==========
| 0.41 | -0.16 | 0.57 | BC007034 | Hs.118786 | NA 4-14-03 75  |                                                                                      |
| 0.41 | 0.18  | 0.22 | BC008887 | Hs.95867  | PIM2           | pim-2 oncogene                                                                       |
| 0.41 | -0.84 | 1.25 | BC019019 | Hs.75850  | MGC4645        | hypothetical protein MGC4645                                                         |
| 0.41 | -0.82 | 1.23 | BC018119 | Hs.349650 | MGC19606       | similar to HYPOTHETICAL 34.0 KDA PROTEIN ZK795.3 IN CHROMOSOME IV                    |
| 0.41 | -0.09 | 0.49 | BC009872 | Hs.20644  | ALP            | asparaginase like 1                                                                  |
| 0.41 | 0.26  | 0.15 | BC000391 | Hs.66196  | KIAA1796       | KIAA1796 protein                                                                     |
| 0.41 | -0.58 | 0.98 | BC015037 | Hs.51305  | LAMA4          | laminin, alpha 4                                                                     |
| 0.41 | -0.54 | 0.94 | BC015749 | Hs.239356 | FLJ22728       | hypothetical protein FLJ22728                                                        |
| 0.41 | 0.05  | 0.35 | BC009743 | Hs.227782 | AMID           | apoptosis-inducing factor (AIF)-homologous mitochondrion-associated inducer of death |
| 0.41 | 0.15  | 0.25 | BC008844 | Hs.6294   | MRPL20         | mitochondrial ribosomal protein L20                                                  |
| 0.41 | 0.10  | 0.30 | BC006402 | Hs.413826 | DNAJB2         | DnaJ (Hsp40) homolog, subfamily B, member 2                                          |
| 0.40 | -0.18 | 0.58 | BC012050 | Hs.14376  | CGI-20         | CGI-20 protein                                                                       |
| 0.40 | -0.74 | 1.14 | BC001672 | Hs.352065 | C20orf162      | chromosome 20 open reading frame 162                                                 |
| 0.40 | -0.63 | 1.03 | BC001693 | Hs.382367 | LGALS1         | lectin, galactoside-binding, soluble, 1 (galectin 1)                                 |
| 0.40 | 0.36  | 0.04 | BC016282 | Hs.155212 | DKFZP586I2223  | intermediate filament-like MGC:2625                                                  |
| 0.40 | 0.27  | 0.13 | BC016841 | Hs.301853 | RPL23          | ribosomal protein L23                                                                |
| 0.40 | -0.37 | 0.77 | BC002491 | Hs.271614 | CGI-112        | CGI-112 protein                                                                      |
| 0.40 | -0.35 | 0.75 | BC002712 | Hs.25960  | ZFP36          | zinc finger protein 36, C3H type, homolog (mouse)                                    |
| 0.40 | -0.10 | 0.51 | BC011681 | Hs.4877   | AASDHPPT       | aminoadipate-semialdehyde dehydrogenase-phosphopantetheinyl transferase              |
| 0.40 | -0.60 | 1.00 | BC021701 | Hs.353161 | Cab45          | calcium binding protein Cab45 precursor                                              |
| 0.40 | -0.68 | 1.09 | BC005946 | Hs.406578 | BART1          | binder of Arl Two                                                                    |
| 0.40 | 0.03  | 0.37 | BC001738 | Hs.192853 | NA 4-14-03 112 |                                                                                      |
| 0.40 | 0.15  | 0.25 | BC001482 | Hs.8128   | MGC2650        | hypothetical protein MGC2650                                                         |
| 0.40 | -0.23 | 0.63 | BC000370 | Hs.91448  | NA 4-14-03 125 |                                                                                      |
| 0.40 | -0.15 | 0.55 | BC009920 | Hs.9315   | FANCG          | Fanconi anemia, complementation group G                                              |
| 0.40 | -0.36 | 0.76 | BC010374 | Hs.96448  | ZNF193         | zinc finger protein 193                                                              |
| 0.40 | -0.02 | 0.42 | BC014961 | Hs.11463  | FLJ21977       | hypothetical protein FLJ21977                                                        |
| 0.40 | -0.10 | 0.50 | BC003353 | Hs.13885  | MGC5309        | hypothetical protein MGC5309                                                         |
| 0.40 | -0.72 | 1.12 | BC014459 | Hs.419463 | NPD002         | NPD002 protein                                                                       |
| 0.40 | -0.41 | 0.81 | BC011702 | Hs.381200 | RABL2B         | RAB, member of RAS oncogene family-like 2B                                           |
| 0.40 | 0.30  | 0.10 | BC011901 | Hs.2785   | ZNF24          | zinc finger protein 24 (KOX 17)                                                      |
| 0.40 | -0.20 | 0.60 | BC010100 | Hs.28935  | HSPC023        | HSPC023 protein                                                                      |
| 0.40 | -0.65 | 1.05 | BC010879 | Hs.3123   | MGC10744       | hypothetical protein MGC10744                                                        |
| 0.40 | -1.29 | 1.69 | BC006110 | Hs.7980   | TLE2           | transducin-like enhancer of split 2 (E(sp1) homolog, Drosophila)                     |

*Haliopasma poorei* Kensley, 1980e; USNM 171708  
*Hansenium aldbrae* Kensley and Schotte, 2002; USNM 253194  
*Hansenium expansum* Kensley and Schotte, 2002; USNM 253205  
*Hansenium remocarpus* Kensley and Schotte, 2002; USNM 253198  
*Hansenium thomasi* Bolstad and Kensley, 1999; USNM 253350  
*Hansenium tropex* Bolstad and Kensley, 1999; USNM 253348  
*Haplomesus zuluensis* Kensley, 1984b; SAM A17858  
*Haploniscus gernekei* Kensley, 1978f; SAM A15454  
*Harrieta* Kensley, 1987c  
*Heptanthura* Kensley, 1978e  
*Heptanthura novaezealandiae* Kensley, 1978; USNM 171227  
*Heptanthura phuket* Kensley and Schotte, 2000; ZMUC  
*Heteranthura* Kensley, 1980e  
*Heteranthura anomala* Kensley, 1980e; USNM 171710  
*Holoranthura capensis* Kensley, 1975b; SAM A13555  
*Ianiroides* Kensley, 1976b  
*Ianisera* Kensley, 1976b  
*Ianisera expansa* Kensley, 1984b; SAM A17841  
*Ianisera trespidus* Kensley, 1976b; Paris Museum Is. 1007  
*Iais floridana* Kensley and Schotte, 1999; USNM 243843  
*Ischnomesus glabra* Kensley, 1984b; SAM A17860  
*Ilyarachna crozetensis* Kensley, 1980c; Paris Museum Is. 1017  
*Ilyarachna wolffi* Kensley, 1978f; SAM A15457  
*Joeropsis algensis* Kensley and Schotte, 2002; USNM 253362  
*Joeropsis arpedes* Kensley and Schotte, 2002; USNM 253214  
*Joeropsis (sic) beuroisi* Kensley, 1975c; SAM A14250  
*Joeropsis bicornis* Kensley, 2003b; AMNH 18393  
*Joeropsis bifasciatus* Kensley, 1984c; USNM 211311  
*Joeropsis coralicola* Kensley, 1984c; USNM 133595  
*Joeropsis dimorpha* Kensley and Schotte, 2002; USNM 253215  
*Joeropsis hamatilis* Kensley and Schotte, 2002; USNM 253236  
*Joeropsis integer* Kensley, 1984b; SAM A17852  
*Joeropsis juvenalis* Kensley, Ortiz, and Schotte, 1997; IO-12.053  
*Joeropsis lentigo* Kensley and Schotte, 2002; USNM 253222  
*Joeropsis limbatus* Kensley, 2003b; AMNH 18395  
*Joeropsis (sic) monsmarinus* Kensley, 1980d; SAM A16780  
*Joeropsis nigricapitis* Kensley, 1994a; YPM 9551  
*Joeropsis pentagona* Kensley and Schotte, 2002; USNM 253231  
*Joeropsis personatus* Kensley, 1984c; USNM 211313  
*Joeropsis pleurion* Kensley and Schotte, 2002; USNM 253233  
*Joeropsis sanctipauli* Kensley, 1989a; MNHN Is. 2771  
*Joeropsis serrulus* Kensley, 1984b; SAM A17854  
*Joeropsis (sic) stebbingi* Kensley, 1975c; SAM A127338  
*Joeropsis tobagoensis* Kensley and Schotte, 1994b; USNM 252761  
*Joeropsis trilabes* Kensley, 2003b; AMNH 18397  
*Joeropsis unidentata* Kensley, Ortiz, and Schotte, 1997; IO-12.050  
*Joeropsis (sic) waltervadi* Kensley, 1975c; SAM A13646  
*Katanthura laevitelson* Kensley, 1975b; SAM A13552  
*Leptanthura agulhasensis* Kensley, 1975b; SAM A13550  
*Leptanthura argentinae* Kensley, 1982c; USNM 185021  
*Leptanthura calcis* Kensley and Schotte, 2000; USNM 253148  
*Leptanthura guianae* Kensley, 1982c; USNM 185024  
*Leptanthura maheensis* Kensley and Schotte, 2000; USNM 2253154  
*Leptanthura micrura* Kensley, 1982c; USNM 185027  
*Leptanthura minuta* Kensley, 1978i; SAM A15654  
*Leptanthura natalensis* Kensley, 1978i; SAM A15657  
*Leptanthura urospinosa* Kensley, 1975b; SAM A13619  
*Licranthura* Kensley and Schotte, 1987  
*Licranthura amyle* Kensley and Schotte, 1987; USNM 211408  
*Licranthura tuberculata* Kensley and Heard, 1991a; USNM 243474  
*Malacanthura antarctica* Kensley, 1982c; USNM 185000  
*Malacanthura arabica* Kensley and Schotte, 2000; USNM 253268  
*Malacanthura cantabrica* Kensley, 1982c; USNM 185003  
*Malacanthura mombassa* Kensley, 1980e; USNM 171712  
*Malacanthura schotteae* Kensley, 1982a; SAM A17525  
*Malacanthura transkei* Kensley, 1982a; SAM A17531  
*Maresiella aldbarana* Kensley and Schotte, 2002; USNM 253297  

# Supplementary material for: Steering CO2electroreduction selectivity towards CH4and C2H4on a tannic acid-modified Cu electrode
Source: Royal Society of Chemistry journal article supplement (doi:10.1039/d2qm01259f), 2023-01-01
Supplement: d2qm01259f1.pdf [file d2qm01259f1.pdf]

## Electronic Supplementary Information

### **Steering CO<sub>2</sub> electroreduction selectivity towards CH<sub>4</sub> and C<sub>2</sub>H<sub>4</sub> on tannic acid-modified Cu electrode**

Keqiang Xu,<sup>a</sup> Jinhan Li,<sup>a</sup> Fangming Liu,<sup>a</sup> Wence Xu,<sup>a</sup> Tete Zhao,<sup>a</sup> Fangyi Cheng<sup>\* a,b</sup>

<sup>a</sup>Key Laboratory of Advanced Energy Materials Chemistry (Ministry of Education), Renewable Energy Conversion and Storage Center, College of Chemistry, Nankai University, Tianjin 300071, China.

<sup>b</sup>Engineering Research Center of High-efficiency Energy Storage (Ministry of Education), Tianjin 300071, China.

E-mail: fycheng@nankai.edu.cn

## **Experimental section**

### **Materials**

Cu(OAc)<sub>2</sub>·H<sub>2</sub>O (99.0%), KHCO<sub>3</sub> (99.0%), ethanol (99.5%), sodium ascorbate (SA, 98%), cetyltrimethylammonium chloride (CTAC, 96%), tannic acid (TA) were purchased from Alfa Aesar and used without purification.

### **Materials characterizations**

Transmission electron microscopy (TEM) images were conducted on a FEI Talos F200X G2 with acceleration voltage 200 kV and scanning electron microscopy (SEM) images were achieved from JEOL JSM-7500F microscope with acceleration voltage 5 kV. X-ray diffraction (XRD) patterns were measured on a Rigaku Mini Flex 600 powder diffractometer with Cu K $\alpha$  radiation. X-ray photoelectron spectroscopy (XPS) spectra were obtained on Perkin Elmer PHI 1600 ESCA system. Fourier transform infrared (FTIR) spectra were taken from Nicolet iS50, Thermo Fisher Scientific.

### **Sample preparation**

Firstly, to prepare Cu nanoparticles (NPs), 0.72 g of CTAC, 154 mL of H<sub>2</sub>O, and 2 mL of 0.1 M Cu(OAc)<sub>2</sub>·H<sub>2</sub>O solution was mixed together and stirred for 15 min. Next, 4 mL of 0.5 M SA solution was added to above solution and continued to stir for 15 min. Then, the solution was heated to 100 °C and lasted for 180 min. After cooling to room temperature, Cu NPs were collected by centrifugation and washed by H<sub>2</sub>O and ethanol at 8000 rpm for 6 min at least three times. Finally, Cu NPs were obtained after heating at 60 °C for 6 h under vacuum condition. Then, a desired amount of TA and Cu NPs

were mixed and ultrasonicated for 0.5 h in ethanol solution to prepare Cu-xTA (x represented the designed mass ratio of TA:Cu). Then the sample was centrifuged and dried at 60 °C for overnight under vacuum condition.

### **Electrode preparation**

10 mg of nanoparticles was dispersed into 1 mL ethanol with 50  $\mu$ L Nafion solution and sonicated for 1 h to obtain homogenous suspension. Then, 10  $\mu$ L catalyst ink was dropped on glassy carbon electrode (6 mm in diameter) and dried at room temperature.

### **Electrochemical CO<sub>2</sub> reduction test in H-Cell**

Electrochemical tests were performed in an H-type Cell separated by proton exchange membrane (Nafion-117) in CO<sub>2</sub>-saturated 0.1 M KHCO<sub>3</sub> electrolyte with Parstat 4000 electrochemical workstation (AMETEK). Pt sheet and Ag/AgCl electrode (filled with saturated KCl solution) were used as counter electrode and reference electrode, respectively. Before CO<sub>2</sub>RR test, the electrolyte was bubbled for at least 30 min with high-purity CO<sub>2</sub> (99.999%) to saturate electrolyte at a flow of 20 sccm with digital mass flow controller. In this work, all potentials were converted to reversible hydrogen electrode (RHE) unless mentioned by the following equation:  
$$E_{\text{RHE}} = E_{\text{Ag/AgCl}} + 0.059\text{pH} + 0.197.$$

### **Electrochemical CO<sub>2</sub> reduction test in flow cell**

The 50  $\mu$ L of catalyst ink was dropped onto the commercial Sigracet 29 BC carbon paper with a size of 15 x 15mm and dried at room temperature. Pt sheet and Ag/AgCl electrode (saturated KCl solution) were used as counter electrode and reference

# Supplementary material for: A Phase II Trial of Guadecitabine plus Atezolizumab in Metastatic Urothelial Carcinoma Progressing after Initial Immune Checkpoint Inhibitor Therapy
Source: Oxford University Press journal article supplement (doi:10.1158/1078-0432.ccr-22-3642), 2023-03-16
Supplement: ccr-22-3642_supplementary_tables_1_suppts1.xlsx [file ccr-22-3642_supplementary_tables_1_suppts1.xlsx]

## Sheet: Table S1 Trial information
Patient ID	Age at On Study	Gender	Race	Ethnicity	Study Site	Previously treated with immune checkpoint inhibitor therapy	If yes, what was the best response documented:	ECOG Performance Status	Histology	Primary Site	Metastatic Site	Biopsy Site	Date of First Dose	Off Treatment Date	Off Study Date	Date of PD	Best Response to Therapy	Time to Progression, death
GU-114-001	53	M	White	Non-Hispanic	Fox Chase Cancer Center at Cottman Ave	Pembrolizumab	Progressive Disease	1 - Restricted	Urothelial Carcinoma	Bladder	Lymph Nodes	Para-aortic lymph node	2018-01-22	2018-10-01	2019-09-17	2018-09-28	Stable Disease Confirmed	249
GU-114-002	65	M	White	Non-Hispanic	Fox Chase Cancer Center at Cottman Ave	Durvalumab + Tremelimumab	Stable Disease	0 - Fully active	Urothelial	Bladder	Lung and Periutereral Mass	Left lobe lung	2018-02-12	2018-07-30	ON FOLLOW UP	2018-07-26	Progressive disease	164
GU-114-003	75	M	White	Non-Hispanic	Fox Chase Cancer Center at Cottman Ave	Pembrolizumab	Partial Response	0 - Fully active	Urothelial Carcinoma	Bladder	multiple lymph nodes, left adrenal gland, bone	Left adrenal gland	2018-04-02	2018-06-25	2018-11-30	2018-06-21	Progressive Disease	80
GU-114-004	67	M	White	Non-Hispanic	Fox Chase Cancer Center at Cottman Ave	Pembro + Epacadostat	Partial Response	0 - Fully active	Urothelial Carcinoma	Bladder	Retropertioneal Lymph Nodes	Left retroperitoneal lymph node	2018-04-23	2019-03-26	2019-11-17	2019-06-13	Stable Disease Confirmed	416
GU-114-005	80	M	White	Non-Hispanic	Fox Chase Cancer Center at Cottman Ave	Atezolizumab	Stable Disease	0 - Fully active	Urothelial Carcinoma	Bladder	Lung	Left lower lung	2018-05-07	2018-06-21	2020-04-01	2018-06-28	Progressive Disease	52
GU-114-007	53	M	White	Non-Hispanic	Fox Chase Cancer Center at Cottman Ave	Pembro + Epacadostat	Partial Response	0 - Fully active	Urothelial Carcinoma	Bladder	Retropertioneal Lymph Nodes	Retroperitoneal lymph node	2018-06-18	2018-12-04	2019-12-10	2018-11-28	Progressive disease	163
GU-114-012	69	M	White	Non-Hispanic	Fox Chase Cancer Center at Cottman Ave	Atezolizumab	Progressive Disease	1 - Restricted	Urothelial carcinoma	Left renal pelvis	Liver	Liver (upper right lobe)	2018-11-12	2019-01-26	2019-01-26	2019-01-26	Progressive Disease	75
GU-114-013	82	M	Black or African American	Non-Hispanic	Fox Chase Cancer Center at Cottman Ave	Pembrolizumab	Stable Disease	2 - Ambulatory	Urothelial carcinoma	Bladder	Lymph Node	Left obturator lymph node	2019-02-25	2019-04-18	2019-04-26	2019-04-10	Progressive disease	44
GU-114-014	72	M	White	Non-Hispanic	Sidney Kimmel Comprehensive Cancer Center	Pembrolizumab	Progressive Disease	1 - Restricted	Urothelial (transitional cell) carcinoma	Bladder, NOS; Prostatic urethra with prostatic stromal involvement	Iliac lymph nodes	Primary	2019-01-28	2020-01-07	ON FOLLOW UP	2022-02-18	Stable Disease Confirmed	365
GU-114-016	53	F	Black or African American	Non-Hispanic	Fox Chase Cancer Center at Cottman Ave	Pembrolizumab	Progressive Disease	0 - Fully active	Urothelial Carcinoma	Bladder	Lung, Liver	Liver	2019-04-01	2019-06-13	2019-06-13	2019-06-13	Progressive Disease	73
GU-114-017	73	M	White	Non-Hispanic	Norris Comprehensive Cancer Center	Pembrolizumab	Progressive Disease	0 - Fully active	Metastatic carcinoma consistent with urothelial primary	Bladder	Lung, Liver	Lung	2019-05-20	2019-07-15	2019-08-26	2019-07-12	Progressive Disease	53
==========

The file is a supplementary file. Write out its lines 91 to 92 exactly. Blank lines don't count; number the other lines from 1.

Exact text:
*Leptanthura urospinosa* Kensley, 1975b; SAM A13619  
*Licranthura* Kensley and Schotte, 1987  